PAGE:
Last year, I wrote a two-part article for CigarAdvisor.com on the leading cigar makers of the Dominican Republic. Upon its completion, I realized that more than a few of them had one connection between them in common: they had all worked with Jochy Blanco in some capacity. Aging Room, Freyja, Kristoff, La Flor Dominicana, Matilde, Pinar del
Jim Colucci, the president and CEO of Sindicato Cigars, has been named the new chief operating officer (COO) and President of Gurkha Cigars. Colucci will now oversee Gurkha’s day-to-day operations while Gurkha will in return represent Sindicato Cigars.
I didn’t make it over to the Gurkha booth until day four, but to very little surprise, the company was still writing orders. I suppose that’s sort of the story of all the talk about attendance: if you are busy then it doesn’t matter.
As for the booth, there’s not much change: it’s a larger booth with plenty of tables, display areas and even a private
Manuel Quesada likes to tell the story about his first days of making cigars in the Dominican Republic, with the company’s sole assets being “$100, a chair and a phone.” It was 1974, and Manufactura de Tabacos S.A. (Matasa) was the only cigar factory in Santiago’s first free-trade zone.
Though none of their cigars are new for the show since they started shipping back in May, owner Emiliano Lagos took a moment to tell us about the two blends and what makes up these reasonably priced cigars, ranging from $6.40-$8.10 each.
If you haven’t heard of American Caribbean Cigars S.A., you’ve certainly heard of brands that have had cigars made there at some point or another, such as Toraño Family Cigar Co., Leccia and Gurkha.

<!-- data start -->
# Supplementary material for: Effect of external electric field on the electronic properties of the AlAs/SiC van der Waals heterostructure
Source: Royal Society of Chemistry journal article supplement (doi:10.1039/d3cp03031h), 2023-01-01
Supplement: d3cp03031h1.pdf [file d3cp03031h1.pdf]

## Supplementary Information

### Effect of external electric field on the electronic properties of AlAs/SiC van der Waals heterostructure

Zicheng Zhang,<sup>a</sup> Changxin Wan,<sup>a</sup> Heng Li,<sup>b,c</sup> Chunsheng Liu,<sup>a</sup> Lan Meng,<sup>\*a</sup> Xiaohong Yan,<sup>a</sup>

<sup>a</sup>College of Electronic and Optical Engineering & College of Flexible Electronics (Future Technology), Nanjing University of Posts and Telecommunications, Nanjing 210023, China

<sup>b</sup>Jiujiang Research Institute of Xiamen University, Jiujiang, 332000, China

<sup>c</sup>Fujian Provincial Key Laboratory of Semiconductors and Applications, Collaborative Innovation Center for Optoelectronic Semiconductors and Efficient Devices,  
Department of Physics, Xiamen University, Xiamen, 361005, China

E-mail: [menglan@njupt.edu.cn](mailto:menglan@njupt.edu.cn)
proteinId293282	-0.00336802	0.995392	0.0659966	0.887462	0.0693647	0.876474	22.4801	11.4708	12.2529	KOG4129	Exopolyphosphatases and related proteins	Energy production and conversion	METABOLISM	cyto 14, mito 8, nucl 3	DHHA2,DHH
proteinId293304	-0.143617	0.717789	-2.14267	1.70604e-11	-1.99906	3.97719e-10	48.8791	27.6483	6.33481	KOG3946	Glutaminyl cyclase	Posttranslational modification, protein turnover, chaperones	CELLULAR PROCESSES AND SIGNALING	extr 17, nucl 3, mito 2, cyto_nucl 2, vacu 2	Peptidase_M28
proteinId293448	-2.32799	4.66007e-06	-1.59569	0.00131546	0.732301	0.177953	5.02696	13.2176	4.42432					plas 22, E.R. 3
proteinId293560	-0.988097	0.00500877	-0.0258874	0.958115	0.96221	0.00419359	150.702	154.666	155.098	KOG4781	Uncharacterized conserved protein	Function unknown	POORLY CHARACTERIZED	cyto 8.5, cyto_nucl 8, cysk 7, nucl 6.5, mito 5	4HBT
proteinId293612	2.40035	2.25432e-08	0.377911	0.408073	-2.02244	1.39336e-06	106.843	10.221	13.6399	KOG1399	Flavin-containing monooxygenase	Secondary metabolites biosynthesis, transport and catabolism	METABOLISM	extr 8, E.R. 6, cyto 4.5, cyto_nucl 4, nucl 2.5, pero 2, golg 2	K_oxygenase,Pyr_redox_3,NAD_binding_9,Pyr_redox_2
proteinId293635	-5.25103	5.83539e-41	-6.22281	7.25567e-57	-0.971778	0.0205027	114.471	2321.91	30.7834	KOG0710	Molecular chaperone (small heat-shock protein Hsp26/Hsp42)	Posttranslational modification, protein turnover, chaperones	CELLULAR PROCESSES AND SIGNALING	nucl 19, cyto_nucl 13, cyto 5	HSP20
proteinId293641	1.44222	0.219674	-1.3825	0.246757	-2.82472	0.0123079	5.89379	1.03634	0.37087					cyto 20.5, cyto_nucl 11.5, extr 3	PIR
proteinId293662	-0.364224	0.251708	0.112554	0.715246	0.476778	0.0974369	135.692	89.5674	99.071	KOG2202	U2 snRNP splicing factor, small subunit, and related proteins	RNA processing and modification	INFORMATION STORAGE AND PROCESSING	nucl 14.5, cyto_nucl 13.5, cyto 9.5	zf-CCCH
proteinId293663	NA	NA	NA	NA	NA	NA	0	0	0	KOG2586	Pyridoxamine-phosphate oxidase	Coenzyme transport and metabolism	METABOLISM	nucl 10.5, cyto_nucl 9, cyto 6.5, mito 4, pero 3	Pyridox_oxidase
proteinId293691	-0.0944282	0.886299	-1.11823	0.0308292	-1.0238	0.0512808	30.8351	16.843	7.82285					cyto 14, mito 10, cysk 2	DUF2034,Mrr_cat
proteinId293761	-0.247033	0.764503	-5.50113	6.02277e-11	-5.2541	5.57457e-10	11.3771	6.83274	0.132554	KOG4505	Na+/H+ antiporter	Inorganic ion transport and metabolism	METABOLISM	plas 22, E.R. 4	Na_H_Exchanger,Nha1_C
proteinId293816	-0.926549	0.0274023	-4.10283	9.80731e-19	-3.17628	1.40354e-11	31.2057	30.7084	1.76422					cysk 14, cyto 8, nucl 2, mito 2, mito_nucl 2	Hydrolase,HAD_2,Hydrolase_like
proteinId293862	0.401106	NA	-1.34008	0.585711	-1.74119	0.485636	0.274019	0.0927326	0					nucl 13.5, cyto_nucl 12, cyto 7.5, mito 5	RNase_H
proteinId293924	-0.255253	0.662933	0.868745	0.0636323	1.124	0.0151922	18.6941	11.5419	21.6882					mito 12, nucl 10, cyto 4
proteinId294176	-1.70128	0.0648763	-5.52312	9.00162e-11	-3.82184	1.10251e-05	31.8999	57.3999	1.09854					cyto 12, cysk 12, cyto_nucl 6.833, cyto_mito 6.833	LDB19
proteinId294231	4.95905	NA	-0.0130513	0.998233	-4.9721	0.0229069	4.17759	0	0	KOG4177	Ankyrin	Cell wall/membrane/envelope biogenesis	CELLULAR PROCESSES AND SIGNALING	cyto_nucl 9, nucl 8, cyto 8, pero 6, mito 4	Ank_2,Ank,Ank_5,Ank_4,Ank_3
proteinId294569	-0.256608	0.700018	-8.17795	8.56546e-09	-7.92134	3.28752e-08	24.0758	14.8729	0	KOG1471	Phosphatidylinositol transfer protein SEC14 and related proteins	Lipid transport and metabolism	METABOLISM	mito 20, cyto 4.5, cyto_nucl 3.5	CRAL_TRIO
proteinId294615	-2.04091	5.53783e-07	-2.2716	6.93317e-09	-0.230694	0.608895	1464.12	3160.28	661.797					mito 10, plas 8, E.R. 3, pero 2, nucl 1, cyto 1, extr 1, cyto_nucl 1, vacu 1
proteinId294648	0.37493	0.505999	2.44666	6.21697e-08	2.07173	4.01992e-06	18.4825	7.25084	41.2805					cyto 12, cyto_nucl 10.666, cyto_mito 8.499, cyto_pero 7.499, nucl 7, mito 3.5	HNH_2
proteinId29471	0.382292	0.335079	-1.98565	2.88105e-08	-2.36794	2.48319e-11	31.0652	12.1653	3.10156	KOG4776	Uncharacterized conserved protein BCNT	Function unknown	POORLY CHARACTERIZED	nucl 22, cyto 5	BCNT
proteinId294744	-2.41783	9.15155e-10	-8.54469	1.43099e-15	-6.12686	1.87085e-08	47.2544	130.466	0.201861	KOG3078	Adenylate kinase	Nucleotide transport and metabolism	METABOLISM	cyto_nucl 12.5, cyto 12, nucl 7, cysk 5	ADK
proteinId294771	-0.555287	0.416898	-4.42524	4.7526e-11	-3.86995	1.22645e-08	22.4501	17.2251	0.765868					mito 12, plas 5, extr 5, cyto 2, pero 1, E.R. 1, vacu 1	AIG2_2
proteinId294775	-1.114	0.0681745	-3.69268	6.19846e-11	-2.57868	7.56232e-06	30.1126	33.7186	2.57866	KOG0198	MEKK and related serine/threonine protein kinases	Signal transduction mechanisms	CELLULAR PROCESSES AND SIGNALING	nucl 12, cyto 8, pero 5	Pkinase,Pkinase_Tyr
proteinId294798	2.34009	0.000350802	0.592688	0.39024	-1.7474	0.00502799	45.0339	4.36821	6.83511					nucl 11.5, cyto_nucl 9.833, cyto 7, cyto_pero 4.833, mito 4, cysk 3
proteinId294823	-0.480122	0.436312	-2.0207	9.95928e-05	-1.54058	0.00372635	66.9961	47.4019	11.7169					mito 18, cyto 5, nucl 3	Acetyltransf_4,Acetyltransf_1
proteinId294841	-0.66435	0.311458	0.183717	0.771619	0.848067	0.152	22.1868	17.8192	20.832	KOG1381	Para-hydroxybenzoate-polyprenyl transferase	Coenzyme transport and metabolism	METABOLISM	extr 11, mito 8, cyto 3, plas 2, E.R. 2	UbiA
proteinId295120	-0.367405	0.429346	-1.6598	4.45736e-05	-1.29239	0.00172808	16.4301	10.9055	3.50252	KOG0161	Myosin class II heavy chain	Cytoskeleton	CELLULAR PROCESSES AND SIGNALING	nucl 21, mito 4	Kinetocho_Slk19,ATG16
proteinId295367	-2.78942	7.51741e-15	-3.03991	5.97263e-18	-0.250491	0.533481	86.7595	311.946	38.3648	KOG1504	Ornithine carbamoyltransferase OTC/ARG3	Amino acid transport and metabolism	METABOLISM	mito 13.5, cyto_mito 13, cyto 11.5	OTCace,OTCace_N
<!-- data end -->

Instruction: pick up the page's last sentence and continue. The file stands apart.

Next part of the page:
The booth is shared among a few other brands that the company produces, showing off their cigars as well as the brands owned by ACC.
Other than moving around some of the display cases, Casa Turrent’s booth for this year’s IPCPR show was pretty much the same as last year. The company was showing off the Casa Turrent 1880 blend that was released late last year. That makes sense, as owner Alejandro Turrent told me that his goal for this year’s show was to concentrate onsupporting his existing products.
El Galan Cigars, known for its Semilla Cubana Habano and Reserva Especial cigar lines, is launching a new cigar next month called Vegas del Purial Gran Reserva. According to brand owner Felix Mesa, the cigar is named after the farm where his paternal grandparents, Felipe and Caridad Mesa, grew tobacco in the Cuban province of Las Villas.
Vegas del Purial is rolled with an Ecuadoran Sumatra wrapper, Nicaraguan binder and Nicaraguan filler. The cigar comes in four sizes: Robusto, measuring 5 inches by 50 ring gauge ($8.90); Belicoso, at 5 1/2 inches by 52 ring ($9.20); Lancero, 7 by 38 ($9.80); and Super Toro, at 6 3/4 by 52 ($10.00).
Mesa says the cigar is a tribute not only to his grandparents and the Cuban farm, but also to his family’s continued tobacco legacy in Estelí, Nicaragua.
Vegas del Purial cigars are produced at El Galan Cigars S.A. in Nicaragua.
Felix Mesa started El Galan Cigars in 2013. He says he chose his company’s name to honor his grandfather.
“El Galan means gentleman,” Mesa told Cigar Aficionado. “The people around my grandfather would call him ‘El Galan’ in Cuba because he was always dressed very elegantly with a cigar in his left shirt pocket.”
Earlier this year, Arturo Fuente Cigars announced that Felix Mesa would be in charge of operations at a new Fuente-owned cigar factory in Estelí, Nicaragua. The factory is currently under construction.